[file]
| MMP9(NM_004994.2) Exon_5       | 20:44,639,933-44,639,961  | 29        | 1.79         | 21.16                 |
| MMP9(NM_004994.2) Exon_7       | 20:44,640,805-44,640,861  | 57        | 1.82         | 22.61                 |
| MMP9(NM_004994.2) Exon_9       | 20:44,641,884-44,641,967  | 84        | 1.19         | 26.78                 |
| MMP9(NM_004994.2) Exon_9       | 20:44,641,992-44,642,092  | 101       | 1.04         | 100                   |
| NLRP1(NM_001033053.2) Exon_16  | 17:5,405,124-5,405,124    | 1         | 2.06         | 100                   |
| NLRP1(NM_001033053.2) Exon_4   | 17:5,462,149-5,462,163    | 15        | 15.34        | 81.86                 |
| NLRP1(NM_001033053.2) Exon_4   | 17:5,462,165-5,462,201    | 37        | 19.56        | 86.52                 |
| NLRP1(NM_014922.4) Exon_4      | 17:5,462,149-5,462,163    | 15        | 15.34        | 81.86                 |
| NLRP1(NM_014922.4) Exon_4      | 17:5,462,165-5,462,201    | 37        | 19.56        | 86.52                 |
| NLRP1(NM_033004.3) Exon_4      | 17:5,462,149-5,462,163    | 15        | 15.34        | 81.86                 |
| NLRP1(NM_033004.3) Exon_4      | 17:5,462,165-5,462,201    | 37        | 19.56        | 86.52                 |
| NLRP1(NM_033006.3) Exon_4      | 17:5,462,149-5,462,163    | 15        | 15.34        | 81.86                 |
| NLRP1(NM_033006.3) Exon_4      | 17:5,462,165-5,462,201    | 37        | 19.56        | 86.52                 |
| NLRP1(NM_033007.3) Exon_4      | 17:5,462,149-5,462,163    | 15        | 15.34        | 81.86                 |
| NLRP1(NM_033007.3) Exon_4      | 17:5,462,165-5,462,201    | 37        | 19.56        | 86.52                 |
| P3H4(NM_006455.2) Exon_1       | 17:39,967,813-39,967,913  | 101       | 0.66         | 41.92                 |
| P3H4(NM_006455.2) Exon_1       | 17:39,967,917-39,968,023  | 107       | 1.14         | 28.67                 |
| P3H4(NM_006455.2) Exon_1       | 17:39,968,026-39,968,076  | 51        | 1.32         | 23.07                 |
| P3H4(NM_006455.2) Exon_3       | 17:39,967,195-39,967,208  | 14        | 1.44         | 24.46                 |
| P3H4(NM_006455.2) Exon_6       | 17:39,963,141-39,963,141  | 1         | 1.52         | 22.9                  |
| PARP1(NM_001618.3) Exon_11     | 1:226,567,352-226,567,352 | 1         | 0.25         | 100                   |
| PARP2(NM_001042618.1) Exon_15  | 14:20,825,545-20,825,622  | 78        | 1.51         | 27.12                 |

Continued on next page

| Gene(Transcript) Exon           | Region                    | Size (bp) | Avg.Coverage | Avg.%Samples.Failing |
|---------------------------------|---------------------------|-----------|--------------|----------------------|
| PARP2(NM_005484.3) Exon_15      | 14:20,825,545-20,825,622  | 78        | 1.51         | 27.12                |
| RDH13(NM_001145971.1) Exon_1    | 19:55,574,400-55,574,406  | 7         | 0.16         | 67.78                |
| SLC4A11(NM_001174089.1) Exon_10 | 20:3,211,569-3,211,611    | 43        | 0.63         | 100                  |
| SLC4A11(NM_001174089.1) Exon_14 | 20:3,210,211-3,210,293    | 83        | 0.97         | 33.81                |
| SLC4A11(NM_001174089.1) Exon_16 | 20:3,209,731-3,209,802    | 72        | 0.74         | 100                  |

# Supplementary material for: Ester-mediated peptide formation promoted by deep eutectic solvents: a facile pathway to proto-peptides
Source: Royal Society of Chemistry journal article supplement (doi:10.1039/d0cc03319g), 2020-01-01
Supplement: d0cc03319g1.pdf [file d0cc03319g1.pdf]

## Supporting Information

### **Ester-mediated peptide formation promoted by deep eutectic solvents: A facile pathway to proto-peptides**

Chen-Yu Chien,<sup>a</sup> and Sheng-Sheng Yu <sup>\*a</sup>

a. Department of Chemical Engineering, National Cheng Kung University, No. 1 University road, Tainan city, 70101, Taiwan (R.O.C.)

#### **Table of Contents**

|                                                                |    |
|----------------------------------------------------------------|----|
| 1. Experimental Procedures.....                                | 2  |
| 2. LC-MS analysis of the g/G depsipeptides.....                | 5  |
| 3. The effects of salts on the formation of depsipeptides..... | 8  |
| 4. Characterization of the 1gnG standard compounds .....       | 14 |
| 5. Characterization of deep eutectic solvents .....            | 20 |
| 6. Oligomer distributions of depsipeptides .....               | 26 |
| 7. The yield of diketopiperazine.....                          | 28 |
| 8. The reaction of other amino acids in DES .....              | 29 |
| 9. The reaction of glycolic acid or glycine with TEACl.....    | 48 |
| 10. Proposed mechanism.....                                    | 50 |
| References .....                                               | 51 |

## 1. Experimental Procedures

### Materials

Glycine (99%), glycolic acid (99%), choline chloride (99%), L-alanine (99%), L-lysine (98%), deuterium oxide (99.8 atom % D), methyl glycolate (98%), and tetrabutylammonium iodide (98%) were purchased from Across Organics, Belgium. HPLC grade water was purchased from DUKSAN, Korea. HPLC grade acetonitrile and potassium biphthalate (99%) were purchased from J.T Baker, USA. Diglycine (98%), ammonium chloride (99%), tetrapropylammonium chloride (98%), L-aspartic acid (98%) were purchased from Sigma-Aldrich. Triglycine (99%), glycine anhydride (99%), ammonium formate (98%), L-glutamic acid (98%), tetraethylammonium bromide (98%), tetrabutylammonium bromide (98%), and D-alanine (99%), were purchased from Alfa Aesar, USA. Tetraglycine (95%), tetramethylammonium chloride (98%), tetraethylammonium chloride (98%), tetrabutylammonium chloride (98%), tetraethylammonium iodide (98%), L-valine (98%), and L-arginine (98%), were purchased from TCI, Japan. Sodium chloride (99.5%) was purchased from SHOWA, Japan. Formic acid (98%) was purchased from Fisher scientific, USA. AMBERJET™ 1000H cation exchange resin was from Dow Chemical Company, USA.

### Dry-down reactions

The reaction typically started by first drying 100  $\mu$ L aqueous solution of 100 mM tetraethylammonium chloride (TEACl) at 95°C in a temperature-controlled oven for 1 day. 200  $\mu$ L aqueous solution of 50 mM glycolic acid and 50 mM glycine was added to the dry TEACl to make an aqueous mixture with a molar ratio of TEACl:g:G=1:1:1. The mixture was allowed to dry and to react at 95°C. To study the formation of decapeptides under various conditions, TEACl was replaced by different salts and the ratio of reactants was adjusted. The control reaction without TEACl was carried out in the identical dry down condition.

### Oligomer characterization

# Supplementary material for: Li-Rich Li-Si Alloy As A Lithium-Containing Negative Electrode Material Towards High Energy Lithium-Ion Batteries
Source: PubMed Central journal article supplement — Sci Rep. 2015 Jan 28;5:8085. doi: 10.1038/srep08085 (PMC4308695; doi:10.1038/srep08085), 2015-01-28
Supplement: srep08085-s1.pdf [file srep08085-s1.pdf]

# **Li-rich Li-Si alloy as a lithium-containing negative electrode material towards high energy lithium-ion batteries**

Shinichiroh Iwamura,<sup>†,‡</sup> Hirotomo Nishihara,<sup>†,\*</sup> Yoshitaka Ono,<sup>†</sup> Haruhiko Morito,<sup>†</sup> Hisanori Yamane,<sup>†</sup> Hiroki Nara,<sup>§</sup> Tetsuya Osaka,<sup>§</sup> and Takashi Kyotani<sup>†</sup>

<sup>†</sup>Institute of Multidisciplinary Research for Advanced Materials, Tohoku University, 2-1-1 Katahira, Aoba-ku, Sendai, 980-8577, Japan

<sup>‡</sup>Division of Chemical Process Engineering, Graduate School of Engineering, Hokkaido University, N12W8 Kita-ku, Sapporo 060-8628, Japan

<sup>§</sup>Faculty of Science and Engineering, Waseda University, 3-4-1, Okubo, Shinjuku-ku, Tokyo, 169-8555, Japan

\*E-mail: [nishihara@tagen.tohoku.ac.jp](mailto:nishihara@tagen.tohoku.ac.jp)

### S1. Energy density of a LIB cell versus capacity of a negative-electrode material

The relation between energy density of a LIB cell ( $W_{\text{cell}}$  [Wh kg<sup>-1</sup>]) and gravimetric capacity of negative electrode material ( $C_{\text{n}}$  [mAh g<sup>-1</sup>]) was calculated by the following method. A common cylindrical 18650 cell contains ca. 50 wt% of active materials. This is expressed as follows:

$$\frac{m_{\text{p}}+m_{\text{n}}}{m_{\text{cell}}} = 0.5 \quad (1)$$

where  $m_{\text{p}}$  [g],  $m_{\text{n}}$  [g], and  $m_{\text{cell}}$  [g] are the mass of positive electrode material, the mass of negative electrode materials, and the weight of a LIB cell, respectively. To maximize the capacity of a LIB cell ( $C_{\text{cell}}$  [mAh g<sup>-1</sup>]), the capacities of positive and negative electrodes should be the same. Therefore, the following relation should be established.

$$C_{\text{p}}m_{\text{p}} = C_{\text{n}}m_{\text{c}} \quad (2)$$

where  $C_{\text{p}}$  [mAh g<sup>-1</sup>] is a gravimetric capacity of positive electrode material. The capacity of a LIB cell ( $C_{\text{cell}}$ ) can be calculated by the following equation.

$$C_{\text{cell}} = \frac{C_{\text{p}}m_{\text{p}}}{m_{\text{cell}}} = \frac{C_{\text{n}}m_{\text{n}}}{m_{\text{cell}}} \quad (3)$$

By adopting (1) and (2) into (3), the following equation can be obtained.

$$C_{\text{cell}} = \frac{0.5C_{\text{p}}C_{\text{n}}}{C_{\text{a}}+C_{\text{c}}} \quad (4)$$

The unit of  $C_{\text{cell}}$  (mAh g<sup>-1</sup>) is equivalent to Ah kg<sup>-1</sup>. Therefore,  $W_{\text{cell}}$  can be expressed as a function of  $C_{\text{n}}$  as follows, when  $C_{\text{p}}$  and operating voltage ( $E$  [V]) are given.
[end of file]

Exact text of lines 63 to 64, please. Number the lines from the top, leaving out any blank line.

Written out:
<sup>†</sup>Institute of Multidisciplinary Research for Advanced Materials, Tohoku University, 2-1-1 Katahira, Aoba-ku, Sendai, 980-8577, Japan

<sup>‡</sup>Division of Chemical Process Engineering, Graduate School of Engineering, Hokkaido University, N12W8 Kita-ku, Sapporo 060-8628, Japan